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Bulletin of Volcanology

, Volume 74, Issue 6, pp 1263–1279 | Cite as

Residents' attitudes and behaviour before and after the 2010 Eyjafjallajökull eruptions—a case study from southern Iceland

  • Deanne K. Bird
  • Guðrún Gísladóttir
Research Article

Abstract

While the disruption to international air travel caused by the eruption of Iceland's Eyjafjallajökull volcano in 2010 has been well documented, the significant social impacts on local residents from ash fall to the south and east of the crater are less well-known. These impacts and attitudes of impacted residents and emergency managers are the foci of our present study. Prior to and during the eruption, officials worked to protect the local population from the glacial outburst floods (jökulhlaup) that were of primary concern. The success of these endeavours can in part be attributed to a regional evacuation exercise held in March 2006, an exercise that was carried out with respect to a possible eruption at another volcano, Katla, that is located 25 km to the east of Eyjafjallajökull. Eruptions at either volcano will impact the same communities. Our study here concentrates on Álftaver, a small farming community, located approximately 60 km east-southeast of Eyjafjallajökull and 30 km southeast of Katla. Álftaver has been the subject of longitudinal studies carried out in 2004, 2006, and 2008; these studies highlighted the difficulties that emergency managers face in developing appropriate response strategies acceptable to vulnerable communities. The 2010 Eyjafjallajökull eruptions presented an opportunity to re-assess residents' attitudes and behaviour in relation to volcanic risk management in the wake of their first-hand experiences with volcanic hazards. To achieve this, interviews were conducted with residents and emergency management officials and a questionnaire was distributed to residents. This paper presents the results of this survey and examines changes in attitudes towards volcanic risk management. It was apparent that the experience of ash fall from Eyjafjallajökull provided a better perspective of what could be expected from a Katla eruption and that attitudes towards emergency management had evolved accordingly. Importantly, officials' perceptions of risk are now more aligned with those of residents and both recognise the need for more detailed and concise information regarding the impacts of ash fall during and following volcanic eruptions.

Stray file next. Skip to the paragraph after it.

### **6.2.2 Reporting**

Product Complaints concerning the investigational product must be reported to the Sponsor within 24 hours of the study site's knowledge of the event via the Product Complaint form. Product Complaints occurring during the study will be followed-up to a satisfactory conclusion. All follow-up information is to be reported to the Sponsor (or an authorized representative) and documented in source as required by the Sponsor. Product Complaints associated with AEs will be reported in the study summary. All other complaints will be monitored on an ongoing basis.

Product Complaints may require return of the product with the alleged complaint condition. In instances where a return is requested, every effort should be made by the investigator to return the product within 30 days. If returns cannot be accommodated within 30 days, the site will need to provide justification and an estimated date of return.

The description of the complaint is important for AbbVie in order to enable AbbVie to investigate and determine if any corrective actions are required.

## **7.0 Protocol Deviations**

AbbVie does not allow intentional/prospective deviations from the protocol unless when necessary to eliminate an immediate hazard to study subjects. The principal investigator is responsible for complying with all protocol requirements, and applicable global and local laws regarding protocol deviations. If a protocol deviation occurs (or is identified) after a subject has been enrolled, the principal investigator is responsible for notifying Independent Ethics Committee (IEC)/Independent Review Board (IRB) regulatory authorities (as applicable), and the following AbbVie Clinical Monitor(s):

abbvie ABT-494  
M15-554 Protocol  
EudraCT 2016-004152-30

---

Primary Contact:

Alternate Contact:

Keywords

Risk perception Volcanic ash Emergency response Mixed methods Katla 

Notes

Acknowledgements

All respondents are graciously thanked for their willingness to participate in this investigation. Contributions from the Ash Fall Impacts Working Group, Katharine Haynes, Carolina Garcia Londoño, and Guðrún Pétursdóttir are appreciated in relation to the development of the questionnaire. Reviews on early drafts of this paper by Pat Bazeley, Benjamin Gillespie, and Katharine Haynes are also appreciated. Further gratitude is extended to the handling editor, Clive Oppenheimer, and two reviewers, Ilan Kelman and one anonymous, for providing insightful comments and detailed recommendations which helped improve the manuscript from the original. This work was financially supported by Rannís—the Icelandic Centre for Research (Research Grant #081260008) and Vegagerðin (The Icelandic Road Administration).

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Copyright information

© Springer-Verlag 2012

Authors and Affiliations

  1. 1.Risk Frontiers, Department of Environment & Geography, Faculty of ScienceMacquarie UniversitySydneyAustralia
  2. 2.Department of Geography & Tourism, Faculty of Life and Environmental SciencesUniversity of IcelandReykjavíkIceland
  3. 3.Department of Geography & Tourism, Faculty of Life and Environmental Sciences, Earth Science InstituteUniversity of IcelandReykjavíkIceland

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